Securing crop biodiversity is key to feeding world’s growing population – UN study

Breeders and other scientists can use seeds and other plant genetic resources to develop and share improved varieties. Photo: FAO/Giulio Napolitano

30 January 2014 – Seeking to ensure that the world can feed a fast growing population, expected to exceed 9 billion by 2050, the United Nations today published voluntary international standards to improve conservation of the crops that are crucial to food security by preserving biodiversity in gene banks and in the field.

“As the world’s population grows and continues to face a wide range of climate, environmental and other challenges, maintaining a healthy variety of seeds and other plant genetic resources for the benefit of people in all countries will be essential to keeping agricultural and food systems sustainable and resilient, generation after generation,” UN Food and Agriculture Organization (FAO) Assistant Director-General Ren Wang said.

The FAO publication, Genebank Standards for Plant Genetic Resources for Food and Agriculture, outlines voluntary, international standards for the many repositories – or genebanks - around the world that store seeds and other materials used to reproduce plants, as well as for living plants in the field.

More than 7 million samples of seeds, tissues and other plant-propagating materials from food crops, along with their wild relatives, are safeguarded in about 1,750 genebanks.

“Plant genetic resources are a strategic resource at the heart of sustainable crop production,” Mr. Ren writes in a foreword. “Their efficient conservation and use is critical to safeguard food and nutrition security, now and in the future. Meeting this challenge will require a continued stream of improved crops and varieties adapted to particular agro-ecosystem conditions.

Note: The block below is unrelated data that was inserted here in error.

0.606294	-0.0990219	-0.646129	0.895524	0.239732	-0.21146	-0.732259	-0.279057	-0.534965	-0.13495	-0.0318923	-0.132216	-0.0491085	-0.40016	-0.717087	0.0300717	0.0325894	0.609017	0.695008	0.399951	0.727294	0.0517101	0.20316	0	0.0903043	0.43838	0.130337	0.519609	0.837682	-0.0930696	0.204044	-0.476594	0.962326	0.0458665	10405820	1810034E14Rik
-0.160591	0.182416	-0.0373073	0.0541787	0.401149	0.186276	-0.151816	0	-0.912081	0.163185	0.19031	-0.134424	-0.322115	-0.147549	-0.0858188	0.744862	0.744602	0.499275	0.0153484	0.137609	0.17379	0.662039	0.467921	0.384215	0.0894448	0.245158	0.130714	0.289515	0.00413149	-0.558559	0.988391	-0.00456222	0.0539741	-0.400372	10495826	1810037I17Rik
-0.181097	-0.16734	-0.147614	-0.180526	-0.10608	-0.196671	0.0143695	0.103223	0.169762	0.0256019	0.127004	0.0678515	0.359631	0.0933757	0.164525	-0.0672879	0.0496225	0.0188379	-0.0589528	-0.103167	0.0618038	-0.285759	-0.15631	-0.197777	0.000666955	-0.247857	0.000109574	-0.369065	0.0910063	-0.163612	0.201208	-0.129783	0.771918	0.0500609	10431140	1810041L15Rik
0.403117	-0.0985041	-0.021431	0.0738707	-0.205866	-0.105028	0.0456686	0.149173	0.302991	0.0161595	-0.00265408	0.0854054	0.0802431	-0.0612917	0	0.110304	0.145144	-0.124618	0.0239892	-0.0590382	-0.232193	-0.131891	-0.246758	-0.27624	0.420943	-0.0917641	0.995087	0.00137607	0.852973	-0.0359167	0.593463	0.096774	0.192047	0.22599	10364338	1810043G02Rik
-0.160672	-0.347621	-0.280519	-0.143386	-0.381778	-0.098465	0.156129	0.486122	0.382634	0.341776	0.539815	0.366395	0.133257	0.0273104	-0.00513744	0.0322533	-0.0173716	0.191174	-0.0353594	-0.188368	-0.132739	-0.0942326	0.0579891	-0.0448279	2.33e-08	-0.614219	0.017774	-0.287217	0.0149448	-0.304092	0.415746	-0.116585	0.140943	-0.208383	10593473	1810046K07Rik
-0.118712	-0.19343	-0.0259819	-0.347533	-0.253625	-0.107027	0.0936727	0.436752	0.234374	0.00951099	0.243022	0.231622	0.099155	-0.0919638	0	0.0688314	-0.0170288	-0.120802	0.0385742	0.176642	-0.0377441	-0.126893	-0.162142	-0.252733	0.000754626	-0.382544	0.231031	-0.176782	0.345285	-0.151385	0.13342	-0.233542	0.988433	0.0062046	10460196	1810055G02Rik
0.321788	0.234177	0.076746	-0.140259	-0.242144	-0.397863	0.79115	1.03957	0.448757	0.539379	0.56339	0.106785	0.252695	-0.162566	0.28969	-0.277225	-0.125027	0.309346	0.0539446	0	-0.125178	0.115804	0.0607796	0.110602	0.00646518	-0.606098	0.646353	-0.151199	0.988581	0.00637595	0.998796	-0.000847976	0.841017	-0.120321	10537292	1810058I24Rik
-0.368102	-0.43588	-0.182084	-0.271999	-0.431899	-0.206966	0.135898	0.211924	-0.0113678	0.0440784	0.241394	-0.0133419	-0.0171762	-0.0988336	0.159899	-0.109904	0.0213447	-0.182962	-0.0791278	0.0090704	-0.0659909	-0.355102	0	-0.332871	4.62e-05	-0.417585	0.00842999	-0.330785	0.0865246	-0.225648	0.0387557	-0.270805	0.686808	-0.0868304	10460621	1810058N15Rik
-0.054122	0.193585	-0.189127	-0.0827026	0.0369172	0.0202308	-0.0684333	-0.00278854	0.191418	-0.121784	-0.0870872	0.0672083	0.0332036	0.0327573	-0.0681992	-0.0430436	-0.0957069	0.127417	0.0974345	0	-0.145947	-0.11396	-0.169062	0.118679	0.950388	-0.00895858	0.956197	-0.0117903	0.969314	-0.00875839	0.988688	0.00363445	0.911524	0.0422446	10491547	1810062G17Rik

“The loss of genetic diversity reduces the options for sustainably managing resilient agriculture, in the face of adverse environments, and rapidly fluctuating meteorological conditions.”

The standards are designed to guide users in implementing the most appropriate technologies and procedures for the collection, conservation and documentation of crop diversity. Their wide application also supports research that could stem the loss of biodiversity and boost sustainability in agriculture, both necessary for feeding the world’s burgeoning population.

“Genebanks help bridge the past and the future by ensuring the continued availability of plant genetic resources for research and for breeding new varieties that meet the consumers’ continually evolving needs and a changing climate,” said Linda Collette, Secretary of FAO’s Intergovernmental Commission on Genetic Resources for Food and Agriculture.

“They help us to conserve plant genetic resources and to improve them; they also help countries to share and exchange genetic resources with each other.”

The standards address a wide range of issues, including techniques for collecting samples; consistent labelling; protection from fungi, bacteria, pests and physical stress factors; viability and genetic integrity testing; and, developing strategies for the rapid multiplication of samples for distribution.

The world’s genebanks differ greatly in the size of their collections and the human and financial resources at their disposal. The Standards will help genebank managers strike a balance between scientific objectives, resources available, and the objective conditions under which they work, FAO says.

“Genebanks play a key role in the conservation, availability and use of a wide range of plant genetic diversity for crop improvement for food and nutrition security,” the publication stresses in its preface. “An efficient management of genebanks through application of standards and procedures is essential for the conservation and sustainable use of plant genetic resources.”

FAO experts consulted with a wide range of partners, including those at the Consultative Group on International Agricultural Research (CGIAR), a global partnership whose research is carried out at 15 centres worldwide, in particular Bioversity International; genebank managers; relevant academic and research institutions; and national focal points for plant genetic resources for food and agriculture.


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